Bacteria invest in a slow-growing subpopulation, called persisters, to ensure survival in the face of uncertainty. This hedging strategy, which we term cellular hedging, is remarkably similar to financial hedging where diversifying an investment portfolio protects against economic uncertainty.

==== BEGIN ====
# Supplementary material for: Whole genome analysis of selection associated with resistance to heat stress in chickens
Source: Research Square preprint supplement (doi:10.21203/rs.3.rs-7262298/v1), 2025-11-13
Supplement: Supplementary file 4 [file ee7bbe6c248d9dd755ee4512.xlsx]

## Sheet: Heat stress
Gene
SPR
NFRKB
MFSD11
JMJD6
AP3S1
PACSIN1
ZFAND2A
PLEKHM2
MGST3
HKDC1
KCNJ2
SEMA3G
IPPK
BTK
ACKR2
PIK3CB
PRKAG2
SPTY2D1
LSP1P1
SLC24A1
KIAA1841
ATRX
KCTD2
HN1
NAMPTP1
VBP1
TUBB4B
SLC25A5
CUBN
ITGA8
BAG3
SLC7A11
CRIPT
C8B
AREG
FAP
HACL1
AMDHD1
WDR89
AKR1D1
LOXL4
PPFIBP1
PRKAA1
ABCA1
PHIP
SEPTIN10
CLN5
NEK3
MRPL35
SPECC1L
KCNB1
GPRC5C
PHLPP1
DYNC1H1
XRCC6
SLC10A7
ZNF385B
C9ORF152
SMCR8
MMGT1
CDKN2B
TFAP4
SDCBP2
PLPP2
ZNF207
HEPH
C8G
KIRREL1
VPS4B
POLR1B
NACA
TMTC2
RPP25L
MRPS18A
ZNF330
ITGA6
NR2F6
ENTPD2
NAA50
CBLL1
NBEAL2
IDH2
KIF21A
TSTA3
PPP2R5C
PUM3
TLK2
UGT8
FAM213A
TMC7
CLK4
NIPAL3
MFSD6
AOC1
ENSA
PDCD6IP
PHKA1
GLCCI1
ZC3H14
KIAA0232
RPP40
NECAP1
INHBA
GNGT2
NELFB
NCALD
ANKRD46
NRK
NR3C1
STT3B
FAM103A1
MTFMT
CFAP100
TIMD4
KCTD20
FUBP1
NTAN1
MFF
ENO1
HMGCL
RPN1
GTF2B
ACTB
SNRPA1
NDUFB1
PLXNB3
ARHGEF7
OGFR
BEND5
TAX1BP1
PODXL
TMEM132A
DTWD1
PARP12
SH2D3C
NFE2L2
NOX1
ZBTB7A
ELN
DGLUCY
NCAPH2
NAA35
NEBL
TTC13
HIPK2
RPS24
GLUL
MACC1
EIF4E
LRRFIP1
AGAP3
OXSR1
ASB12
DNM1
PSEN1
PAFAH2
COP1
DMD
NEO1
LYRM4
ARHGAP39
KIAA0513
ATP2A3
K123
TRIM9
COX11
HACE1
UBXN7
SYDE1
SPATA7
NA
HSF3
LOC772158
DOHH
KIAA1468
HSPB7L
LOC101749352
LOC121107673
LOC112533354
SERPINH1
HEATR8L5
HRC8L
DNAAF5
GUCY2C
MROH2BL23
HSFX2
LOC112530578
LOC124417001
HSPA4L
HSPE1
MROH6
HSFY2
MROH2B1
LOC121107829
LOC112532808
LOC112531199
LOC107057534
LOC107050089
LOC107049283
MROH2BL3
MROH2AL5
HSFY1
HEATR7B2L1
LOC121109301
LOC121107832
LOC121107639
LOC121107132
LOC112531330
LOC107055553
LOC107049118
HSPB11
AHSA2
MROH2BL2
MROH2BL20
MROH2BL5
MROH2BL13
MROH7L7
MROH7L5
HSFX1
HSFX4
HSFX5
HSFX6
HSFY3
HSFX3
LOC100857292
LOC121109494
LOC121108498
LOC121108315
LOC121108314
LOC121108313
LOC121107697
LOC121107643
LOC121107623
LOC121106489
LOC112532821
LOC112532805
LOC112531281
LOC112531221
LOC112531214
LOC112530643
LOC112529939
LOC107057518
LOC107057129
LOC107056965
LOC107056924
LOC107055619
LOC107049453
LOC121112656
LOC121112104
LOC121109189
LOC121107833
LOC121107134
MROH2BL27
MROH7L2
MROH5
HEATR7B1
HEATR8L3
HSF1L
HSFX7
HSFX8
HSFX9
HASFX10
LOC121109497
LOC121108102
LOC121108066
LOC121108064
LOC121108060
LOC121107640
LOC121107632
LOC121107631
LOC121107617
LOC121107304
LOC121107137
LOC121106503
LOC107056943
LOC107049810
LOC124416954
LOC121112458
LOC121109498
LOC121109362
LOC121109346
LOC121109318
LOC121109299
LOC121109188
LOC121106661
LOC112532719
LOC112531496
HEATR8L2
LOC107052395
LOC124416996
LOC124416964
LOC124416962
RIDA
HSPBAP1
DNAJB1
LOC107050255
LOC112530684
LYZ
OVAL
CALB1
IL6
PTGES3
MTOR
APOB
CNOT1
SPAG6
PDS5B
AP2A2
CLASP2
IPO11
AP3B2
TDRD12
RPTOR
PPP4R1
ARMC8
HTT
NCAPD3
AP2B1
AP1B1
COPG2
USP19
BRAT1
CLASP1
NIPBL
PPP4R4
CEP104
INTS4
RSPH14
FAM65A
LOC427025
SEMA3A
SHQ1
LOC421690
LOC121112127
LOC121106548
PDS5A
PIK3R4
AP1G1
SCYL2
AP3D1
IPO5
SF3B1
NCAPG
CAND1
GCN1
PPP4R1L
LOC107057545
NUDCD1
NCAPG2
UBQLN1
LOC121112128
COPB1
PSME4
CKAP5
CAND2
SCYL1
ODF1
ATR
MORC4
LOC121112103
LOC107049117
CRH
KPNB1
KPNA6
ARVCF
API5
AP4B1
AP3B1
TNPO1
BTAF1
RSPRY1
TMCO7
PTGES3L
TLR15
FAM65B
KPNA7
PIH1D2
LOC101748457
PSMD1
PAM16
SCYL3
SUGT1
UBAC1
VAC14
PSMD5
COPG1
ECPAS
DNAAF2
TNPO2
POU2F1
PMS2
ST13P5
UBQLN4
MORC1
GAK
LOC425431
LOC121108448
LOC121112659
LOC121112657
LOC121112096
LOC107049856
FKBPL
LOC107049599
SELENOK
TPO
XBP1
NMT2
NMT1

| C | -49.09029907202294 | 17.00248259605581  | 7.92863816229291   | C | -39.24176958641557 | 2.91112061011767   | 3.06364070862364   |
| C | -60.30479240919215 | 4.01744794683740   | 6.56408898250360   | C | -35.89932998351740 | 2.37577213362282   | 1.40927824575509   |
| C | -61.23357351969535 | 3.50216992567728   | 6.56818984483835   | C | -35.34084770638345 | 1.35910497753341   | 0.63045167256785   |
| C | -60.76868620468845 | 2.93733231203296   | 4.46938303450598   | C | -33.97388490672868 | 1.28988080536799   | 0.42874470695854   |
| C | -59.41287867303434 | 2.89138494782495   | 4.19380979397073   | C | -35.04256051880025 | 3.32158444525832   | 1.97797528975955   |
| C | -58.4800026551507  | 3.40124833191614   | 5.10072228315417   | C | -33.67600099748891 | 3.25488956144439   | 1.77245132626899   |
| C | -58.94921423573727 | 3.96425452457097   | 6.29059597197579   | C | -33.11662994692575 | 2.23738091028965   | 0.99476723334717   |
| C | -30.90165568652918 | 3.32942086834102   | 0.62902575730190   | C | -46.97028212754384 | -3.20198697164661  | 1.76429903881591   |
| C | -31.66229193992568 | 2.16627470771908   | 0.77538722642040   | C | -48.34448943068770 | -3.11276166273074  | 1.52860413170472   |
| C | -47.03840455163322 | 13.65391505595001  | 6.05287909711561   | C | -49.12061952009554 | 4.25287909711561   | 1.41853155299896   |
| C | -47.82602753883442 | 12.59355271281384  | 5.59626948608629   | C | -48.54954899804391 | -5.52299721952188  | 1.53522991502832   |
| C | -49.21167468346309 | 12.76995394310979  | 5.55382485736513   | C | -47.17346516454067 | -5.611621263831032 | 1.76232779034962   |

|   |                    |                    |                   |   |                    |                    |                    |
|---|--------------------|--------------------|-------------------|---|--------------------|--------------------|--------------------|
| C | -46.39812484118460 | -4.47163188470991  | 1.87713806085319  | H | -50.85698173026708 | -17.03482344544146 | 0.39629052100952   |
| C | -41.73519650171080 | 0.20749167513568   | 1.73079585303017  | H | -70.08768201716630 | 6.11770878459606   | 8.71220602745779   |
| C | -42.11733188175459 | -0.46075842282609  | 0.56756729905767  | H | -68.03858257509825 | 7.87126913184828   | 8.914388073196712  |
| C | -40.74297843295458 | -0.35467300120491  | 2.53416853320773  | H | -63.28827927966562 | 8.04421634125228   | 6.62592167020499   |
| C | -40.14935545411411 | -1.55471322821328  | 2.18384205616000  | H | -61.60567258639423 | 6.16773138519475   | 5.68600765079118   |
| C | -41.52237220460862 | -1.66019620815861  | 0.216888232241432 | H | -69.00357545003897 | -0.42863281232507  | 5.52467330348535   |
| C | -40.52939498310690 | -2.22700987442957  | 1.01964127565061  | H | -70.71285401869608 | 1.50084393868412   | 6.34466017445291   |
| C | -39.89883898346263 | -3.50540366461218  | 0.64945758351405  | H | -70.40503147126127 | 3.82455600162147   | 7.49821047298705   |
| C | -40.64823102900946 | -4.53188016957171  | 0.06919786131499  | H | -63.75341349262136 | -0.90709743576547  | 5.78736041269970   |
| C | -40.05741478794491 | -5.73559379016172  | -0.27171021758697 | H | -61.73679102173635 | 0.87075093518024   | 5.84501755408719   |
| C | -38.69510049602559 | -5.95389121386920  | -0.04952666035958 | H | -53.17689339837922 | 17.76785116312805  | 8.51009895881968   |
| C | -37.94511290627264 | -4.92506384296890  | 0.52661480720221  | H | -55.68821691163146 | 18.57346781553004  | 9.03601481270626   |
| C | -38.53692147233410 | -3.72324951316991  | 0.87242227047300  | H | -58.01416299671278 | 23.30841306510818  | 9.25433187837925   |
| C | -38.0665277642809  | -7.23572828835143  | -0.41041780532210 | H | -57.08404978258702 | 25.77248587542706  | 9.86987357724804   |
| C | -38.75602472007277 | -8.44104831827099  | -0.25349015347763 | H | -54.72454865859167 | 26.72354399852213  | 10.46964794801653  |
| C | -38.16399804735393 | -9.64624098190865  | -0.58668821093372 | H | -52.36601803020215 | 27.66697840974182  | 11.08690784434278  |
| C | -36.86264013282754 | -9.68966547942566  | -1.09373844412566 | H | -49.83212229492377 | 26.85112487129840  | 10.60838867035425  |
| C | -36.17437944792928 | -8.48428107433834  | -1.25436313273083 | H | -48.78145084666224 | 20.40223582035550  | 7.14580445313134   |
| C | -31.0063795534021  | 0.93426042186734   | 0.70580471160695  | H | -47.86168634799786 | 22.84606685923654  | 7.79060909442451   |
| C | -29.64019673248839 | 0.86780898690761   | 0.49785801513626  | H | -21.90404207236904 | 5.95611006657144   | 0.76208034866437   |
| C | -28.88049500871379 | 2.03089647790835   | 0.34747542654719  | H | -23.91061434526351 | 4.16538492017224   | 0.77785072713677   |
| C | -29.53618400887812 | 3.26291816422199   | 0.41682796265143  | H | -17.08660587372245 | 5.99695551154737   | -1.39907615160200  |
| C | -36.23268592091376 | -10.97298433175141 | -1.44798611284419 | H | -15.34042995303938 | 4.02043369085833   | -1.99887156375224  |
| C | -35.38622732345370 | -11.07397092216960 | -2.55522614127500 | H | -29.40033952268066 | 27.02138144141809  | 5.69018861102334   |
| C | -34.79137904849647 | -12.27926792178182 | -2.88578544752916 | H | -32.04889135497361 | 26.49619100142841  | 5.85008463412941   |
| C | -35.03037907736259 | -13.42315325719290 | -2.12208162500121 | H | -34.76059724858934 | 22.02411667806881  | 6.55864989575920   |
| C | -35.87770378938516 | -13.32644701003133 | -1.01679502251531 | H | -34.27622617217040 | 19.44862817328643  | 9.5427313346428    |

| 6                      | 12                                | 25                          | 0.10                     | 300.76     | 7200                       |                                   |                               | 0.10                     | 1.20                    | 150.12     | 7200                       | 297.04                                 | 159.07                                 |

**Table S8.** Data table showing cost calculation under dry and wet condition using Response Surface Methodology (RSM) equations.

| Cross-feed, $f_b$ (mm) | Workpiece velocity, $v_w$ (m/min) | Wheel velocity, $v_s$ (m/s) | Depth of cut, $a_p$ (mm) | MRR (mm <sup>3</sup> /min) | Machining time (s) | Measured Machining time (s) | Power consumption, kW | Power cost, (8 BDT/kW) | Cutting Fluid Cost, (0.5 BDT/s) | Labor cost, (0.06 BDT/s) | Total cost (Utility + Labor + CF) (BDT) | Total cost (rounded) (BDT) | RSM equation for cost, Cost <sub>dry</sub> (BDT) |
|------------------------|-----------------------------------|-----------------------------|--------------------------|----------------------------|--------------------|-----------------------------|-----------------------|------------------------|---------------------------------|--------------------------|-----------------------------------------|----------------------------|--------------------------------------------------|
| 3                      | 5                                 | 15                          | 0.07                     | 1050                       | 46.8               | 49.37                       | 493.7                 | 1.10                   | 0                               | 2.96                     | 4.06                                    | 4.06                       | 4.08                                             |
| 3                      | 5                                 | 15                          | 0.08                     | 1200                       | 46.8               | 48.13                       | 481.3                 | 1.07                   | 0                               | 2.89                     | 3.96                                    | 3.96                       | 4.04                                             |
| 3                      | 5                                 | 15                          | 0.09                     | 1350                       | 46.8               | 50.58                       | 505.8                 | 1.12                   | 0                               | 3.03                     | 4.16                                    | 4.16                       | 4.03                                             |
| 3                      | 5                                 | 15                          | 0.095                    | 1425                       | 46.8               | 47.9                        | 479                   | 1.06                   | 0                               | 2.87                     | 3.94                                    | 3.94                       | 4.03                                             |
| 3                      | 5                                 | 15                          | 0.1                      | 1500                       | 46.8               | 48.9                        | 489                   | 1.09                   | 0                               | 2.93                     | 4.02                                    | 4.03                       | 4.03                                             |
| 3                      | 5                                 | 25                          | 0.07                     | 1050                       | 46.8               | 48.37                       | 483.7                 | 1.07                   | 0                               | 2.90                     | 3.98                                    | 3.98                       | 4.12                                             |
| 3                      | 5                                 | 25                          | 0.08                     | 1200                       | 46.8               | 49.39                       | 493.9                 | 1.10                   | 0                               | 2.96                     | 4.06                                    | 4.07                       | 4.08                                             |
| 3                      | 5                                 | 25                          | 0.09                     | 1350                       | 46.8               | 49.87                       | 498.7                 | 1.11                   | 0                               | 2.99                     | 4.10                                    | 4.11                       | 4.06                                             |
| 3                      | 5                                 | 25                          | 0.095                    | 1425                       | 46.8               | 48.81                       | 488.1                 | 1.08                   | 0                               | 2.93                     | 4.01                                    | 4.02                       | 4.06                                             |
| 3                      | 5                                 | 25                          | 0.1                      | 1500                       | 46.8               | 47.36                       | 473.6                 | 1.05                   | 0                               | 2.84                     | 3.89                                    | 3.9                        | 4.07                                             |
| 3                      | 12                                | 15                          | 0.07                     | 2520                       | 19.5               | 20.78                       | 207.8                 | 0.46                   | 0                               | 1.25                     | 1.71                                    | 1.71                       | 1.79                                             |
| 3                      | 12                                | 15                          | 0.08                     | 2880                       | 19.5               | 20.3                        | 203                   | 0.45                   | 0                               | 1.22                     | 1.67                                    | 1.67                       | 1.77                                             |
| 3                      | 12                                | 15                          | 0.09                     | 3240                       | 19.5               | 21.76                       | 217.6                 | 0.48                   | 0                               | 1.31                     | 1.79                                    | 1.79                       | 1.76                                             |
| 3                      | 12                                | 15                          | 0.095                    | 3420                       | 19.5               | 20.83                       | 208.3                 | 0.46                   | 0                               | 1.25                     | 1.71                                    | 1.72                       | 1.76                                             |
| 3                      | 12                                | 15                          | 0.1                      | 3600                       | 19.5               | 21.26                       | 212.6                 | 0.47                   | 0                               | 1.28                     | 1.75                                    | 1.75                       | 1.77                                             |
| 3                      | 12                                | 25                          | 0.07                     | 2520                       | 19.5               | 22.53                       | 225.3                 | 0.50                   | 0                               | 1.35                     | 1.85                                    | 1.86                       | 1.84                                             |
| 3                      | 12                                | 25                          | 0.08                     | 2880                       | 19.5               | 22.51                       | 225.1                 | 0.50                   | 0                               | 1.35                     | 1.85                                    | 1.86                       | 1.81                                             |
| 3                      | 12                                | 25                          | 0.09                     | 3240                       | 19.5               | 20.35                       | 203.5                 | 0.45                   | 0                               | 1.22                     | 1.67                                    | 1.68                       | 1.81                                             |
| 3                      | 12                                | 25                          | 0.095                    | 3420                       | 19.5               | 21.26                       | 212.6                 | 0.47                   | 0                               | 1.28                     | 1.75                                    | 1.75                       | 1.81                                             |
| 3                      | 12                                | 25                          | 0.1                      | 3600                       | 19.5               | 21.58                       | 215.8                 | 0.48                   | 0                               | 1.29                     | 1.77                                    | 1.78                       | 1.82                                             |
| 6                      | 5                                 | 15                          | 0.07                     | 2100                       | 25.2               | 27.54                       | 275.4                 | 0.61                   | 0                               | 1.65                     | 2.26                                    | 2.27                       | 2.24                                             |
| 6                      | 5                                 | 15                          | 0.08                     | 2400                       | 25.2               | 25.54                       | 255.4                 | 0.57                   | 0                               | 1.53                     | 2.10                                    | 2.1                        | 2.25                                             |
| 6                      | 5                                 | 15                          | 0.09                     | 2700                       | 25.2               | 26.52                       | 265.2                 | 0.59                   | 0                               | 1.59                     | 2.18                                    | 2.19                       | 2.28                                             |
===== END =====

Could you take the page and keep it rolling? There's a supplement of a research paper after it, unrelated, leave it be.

In this work, we provide a new foundation for understanding cellular hedging by unifying the study of biological population dynamics and the mathematics of financial risk management. Our approach explicitly incorporates environmental volatility as a stochastic process, and we seek to find the persister strategy that maximizes the expected per-capita growth rate by formulating a stochastic optimal control problem. The analysis demonstrates that investing in persister production is only advantageous in the presence of environmental volatility, suggesting a stochastic model is essential to elucidate the phenomenon. Analytical and simulation results probe the optimal persister strategy, revealing results that are consistent with experimental observations and suggest new opportunities for experimental investigation. Overall, we provide a new way of modeling cellular decision making by unifying previously disparate theory from mathematical biology and finance.